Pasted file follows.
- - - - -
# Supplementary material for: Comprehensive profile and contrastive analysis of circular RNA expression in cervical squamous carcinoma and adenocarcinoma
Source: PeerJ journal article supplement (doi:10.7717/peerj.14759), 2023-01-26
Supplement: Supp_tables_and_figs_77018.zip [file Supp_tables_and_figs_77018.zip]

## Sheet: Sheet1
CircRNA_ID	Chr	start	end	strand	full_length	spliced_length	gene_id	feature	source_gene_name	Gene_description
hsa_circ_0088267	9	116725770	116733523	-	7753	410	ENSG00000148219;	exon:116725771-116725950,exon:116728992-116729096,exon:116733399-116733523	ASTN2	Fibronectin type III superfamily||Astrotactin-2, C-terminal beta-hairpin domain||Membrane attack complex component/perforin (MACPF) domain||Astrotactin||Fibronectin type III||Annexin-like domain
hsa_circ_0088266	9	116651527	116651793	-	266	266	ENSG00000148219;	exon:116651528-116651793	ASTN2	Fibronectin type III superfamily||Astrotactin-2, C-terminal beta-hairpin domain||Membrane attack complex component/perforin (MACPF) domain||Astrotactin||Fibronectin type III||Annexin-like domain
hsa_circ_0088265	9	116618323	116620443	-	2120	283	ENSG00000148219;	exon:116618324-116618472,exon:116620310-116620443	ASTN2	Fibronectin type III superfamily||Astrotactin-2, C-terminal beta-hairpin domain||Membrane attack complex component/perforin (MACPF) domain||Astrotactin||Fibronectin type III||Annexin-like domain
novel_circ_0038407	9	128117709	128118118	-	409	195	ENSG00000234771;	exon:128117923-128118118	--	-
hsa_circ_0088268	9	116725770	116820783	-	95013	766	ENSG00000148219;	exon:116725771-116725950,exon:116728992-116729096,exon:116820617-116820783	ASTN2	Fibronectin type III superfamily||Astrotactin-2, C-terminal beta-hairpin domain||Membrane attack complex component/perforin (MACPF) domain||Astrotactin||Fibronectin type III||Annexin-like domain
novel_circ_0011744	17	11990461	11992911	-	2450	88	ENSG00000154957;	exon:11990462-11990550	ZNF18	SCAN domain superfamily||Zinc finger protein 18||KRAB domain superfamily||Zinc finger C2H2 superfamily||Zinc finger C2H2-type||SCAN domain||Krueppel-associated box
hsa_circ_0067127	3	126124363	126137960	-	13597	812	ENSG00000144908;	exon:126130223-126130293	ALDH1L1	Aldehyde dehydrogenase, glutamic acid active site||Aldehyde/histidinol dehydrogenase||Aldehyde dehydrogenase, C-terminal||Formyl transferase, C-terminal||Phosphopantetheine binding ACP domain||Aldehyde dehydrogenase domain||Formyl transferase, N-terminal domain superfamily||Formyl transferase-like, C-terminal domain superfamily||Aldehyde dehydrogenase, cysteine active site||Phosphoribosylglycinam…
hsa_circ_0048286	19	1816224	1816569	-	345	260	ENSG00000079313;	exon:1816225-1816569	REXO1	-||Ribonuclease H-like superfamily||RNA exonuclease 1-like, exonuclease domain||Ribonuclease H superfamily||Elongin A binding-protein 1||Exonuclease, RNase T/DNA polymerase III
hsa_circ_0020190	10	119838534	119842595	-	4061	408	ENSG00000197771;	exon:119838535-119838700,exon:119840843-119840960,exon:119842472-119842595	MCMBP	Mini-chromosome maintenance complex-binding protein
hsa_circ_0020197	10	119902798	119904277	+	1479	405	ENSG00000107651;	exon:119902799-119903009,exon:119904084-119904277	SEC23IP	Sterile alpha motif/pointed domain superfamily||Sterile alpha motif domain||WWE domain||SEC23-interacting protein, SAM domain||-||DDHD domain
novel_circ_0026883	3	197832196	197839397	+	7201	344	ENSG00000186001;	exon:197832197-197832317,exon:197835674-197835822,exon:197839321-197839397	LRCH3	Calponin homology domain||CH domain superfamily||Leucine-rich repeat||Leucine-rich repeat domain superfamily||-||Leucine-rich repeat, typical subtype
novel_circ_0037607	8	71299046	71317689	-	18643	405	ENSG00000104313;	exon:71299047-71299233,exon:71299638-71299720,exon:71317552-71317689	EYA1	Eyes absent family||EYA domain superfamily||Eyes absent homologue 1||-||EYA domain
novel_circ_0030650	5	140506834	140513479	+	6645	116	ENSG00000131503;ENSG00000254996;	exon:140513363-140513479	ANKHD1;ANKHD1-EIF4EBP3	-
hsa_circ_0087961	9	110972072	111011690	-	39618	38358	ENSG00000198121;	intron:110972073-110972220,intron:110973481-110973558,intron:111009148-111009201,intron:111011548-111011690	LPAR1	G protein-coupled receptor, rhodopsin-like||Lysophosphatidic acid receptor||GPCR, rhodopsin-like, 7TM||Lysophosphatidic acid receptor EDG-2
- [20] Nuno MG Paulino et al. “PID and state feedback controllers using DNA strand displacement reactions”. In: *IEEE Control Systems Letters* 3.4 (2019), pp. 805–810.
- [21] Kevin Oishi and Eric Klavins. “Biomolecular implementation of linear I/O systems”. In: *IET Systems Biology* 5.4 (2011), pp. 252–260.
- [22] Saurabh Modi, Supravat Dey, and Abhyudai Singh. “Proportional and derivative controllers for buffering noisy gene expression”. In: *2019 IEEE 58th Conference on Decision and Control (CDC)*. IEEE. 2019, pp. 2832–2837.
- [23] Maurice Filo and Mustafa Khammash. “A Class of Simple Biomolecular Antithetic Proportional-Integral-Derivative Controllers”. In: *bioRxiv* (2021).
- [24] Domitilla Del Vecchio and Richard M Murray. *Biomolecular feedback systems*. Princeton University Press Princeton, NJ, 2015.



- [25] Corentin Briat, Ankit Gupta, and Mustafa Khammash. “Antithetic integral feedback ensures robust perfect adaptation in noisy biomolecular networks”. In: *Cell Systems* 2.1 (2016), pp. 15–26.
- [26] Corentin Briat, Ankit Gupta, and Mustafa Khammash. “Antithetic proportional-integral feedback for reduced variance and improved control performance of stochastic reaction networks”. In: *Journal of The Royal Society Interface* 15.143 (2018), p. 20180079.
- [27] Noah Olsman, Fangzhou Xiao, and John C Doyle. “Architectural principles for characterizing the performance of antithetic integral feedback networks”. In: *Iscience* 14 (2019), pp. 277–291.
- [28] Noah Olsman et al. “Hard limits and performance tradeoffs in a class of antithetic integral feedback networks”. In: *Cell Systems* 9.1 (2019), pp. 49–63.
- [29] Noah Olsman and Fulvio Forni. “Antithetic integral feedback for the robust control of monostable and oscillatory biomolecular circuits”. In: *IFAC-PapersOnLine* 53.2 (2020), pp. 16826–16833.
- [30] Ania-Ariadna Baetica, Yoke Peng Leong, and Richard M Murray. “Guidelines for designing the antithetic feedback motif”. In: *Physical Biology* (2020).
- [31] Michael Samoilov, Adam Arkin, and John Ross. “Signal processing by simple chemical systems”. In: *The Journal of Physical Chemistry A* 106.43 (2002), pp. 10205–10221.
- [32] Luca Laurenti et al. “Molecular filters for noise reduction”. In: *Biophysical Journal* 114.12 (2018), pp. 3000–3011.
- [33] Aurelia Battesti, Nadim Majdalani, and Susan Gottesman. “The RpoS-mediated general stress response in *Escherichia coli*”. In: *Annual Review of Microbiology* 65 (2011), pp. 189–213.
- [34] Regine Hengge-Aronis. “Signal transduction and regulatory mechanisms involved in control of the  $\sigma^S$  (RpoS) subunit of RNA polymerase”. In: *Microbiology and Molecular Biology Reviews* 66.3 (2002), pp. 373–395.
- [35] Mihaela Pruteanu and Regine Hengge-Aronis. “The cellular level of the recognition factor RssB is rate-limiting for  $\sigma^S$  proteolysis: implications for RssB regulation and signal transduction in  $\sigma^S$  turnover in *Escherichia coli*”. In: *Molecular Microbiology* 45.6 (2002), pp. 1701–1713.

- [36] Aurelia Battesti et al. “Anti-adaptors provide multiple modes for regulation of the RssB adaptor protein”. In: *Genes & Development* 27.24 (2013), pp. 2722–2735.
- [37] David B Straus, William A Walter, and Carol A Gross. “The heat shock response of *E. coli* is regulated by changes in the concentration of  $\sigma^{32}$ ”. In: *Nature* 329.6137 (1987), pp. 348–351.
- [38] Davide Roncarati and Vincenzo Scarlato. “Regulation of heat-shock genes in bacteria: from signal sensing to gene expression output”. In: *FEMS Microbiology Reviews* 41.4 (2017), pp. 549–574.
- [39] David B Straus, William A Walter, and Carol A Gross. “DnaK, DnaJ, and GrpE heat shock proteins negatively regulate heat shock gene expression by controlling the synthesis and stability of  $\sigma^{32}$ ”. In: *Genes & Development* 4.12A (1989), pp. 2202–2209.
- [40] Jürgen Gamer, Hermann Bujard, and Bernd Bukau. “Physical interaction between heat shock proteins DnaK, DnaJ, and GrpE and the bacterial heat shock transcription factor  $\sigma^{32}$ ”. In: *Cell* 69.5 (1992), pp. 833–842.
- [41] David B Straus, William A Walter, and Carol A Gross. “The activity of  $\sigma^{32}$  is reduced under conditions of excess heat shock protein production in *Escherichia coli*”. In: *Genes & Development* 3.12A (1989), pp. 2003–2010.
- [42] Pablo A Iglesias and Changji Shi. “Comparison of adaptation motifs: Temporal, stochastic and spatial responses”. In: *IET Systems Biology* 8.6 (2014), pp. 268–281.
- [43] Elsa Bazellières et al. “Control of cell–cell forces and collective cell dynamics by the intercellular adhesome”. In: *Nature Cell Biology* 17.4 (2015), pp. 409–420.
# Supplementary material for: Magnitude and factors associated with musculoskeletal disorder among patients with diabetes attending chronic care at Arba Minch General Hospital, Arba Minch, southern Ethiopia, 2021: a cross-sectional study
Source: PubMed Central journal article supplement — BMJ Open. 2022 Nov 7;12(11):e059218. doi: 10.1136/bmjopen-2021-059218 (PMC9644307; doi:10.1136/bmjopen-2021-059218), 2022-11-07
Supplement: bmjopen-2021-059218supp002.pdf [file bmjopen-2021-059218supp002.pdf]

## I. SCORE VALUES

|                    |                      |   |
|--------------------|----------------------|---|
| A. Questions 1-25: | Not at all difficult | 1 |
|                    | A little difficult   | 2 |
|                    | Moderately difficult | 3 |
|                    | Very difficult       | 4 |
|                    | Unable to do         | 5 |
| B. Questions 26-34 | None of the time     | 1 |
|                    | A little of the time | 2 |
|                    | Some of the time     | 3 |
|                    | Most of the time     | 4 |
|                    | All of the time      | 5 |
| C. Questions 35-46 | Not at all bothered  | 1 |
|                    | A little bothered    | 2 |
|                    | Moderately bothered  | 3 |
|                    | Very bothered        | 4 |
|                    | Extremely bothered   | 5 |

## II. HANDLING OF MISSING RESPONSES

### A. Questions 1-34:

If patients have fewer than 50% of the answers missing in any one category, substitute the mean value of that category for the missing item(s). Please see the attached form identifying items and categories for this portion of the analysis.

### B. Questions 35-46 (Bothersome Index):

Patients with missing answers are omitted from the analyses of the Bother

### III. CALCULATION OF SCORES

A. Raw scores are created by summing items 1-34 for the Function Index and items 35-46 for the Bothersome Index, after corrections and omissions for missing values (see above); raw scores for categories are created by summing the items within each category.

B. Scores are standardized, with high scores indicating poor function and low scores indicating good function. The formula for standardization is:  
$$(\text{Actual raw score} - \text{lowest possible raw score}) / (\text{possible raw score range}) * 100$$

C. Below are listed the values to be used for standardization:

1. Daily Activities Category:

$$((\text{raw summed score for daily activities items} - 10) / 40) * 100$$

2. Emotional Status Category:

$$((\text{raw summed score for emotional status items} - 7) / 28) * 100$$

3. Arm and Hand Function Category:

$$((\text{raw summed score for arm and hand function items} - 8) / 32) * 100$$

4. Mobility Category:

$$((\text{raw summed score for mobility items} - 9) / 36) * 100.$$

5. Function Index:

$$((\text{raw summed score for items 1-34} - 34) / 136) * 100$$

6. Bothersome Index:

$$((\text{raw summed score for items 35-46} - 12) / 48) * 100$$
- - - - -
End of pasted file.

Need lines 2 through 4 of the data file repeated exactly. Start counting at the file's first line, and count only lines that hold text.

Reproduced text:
Source: PeerJ journal article supplement (doi:10.7717/peerj.14759), 2023-01-26
Supplement: Supp_tables_and_figs_77018.zip [file Supp_tables_and_figs_77018.zip]

## Sheet: Sheet1